At the time of Kolleck’s death, more than a third of Jerusalem’s population were Haredi. Kolleck’s old mentor, Ben-Gurion, in the deals he struck to exempt the ultra-orthodox from mandatory military service, had viewed them as a fragment of a lost world that would fade away. Instead, their numbers and power surged. Zionism found itself facing a problem it had failed to address: the extreme difficulty of making a cohesive or functional nation with Jews.

Today, this unease is not only mirrored in the Israeli press, but in its television shows. The nostalgia for a vanished, Levantine, cosmopolitan Jerusalem, of Arab gentleman and British officers, can be found in The Beauty Queen of Jerusalem, which tells the story of a Sephardic family in the Old City. And to understand the Jerusalem that replaced it, we have Shtisel, a family drama set in the city’s Haredi world. Both befuddled leads are played by the same secular Tel Avivian actor, Michael Aloni, as if he is exploring both the city’s uncanny past and uncomfortable future.

In different ways, both confirm that the old Zionist Jerusalem is gone. Secular Israeli hegemony is over: the city is now 40% Palestinian, 35% percent Haredi and only a minority secular. Teddy Kolleck could never be elected here, in this Haredi-Likud bastion. But neither would Edward Said recognise it. Once associated with a certain refinement, Jerusalem is now the poorest city in Israel, where almost 40% of residents live below the poverty line, double the national average. It has gone from being a place secular Jews aspired to, to being a place they leave. Rabbi Shlomo’s walled-village has vanished and many of his secular descendants have left the city.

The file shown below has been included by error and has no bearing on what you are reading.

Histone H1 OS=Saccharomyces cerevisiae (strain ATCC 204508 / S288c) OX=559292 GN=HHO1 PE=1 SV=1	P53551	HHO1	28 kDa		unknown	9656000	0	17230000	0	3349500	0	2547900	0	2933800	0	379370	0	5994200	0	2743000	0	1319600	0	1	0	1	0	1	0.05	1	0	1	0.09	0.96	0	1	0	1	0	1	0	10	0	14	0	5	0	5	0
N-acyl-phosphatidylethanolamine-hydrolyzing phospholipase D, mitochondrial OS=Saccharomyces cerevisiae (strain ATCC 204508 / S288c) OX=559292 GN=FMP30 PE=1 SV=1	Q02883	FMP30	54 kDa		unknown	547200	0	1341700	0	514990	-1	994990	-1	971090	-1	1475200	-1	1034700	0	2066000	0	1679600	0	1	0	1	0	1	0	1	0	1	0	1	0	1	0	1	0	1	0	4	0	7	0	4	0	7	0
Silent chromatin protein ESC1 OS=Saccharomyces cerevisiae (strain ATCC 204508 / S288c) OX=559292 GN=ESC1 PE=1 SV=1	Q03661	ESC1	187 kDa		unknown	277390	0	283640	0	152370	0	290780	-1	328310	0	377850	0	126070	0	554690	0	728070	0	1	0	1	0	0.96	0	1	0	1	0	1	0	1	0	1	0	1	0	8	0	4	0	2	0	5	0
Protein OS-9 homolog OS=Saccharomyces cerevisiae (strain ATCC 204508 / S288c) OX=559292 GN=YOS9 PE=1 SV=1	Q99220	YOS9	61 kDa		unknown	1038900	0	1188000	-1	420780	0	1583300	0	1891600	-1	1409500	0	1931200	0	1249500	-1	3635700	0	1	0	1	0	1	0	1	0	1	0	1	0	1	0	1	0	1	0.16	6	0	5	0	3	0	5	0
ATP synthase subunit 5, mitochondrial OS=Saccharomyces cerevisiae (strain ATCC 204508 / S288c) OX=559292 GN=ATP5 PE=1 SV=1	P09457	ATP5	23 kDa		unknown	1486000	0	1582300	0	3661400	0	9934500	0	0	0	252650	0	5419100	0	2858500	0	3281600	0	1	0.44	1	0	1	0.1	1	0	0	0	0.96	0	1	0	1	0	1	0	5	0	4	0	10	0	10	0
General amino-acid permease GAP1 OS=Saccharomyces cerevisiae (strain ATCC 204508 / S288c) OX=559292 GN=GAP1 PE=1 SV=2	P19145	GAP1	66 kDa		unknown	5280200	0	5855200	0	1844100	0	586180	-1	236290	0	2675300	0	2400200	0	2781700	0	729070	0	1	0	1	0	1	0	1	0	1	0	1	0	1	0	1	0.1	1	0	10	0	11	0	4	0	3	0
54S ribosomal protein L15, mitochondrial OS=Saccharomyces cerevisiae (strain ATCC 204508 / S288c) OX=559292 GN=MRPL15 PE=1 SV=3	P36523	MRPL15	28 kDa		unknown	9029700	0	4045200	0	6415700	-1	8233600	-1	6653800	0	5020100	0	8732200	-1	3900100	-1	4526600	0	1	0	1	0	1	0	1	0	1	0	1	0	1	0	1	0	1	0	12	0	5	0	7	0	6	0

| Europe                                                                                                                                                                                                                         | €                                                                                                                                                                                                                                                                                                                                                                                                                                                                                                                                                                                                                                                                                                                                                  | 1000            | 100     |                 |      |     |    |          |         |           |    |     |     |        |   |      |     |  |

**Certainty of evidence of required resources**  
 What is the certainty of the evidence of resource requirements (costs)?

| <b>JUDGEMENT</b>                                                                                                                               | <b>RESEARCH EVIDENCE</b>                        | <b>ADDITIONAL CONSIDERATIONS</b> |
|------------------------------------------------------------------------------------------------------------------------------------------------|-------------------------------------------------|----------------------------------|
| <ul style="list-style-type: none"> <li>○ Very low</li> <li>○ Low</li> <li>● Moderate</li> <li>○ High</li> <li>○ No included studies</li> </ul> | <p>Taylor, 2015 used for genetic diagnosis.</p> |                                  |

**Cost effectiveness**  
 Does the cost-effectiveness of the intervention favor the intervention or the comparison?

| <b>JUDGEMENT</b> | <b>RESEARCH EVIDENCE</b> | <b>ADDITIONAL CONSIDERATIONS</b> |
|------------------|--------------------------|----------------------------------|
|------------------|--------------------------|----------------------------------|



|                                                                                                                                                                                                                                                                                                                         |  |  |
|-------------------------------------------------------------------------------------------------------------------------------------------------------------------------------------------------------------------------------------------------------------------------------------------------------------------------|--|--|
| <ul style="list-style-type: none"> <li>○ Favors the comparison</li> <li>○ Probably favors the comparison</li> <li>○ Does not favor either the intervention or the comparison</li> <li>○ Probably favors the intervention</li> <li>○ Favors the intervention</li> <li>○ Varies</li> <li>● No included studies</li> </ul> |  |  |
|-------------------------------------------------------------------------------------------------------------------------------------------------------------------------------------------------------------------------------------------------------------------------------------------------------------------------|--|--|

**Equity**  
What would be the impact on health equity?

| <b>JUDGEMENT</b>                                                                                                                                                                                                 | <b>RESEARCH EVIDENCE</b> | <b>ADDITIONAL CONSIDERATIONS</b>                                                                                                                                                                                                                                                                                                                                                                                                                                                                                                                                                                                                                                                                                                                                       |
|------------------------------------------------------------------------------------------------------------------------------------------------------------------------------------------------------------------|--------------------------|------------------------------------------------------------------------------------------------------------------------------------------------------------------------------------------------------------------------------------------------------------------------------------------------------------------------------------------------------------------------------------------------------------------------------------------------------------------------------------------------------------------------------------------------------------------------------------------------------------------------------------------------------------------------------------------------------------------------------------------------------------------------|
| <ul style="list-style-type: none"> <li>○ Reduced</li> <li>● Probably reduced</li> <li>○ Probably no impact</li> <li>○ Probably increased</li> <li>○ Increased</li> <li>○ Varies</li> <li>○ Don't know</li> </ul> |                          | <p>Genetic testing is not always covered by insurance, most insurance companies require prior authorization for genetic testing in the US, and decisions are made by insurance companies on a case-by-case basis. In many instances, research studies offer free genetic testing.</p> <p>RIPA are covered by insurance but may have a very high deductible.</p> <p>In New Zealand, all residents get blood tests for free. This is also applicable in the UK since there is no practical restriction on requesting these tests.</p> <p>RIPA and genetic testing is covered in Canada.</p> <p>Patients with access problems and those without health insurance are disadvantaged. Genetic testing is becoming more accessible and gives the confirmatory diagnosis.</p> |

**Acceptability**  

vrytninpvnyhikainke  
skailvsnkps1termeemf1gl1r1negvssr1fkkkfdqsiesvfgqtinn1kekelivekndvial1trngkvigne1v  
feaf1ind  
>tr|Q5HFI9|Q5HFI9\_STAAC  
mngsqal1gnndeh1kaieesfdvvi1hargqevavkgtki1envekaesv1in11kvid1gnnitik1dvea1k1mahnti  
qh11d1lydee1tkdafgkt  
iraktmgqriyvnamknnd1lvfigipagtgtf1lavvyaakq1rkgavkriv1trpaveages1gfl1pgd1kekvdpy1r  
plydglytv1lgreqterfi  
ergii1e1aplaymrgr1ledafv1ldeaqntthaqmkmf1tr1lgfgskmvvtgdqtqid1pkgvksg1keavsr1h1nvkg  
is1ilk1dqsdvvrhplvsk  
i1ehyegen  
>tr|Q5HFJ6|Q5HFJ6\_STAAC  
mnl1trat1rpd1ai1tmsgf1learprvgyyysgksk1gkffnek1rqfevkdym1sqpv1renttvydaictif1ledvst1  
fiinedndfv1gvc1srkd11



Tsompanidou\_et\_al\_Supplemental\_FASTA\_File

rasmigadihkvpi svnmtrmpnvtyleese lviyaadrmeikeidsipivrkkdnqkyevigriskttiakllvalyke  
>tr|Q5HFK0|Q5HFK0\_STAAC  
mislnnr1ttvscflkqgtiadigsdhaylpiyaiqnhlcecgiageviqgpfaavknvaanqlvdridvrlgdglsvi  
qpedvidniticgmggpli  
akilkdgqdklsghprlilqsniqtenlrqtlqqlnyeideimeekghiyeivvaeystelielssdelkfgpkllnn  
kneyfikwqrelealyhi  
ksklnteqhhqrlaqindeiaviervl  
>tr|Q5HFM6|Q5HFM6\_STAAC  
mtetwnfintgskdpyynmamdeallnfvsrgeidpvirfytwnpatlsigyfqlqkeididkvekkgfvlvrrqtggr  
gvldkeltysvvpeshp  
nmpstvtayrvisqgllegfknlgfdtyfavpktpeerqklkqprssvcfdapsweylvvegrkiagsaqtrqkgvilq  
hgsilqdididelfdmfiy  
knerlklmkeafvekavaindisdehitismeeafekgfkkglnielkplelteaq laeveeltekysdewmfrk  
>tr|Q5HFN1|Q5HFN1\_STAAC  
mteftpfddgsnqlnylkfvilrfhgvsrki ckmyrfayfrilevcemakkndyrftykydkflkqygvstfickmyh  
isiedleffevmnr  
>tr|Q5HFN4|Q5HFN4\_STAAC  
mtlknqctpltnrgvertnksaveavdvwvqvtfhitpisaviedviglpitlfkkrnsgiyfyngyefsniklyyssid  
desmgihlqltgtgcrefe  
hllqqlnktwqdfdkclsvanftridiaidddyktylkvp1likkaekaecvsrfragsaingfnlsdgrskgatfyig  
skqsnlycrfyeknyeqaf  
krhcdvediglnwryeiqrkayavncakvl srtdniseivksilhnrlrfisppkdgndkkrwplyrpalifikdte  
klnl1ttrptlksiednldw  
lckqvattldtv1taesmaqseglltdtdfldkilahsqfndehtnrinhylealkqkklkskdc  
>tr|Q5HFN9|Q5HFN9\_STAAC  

Nowhere do you feel the nature of today’s Jerusalem — a mostly Haredi-Palestinian conurbation — than trying to reach Ramallah by bus, when on the other side of the wall, the urban area, here tightly packed concrete, just continues. There were less than 350,000 people living in this land in the mid-19th century. Today there are roughly 14.5 million. In 40 years, there will be 30 million.

High-tech, secular Tel Aviv is the face Israel projects to the world, yet Jerusalem remains its true face. Not only the country’s biggest city but the one that reflects the state of the land. In “the bubble” of Tel Aviv, there are neither Haredim nor the occupation — whereas in Jerusalem, you feel them every day. More than this, though, it is the only place where Israelis and occupied Palestinians live together. This makes Jerusalem the inescapable site of its future.

A Haredi man is seen in an Orthodox neighborhood (Spencer Platt/Getty Images)

The debate over what this might look like has been playing out in the pages of the country’s liberal newspaper Haaretz, where “Why I’m leaving Jerusalem” is the equivalent of the New York Times’s “Why I’m leaving New York” column. The writer Chaim Levinson, for instance, sees Israel’s future dystopia in Jerusalem’s present. The city, he writes, once had DJs, alternative nights, notable restaurants and intellectuals. Now, it is “poor, ugly, boring, bereft of hope and a future”. For Levinson, Jerusalem’s drab and dirty Haredi neighbourhoods, where only synagogues and religious schools matter, is a foretaste of a failed start-up nation, sinking into Haredi poverty and fundamentalism. A place of fanatics trying to start a war over the Temple Mount.

This is not the view of Nir Hasson, for whom there is a “quiet revolution” underway in the city. From the corridors of the Hebrew University and David Yellin college to the wards and operating theatres of Hadassah hospital, life has become desegregated. The walls have fallen down. Palestinians from East Jerusalem are studying or working alongside Jews.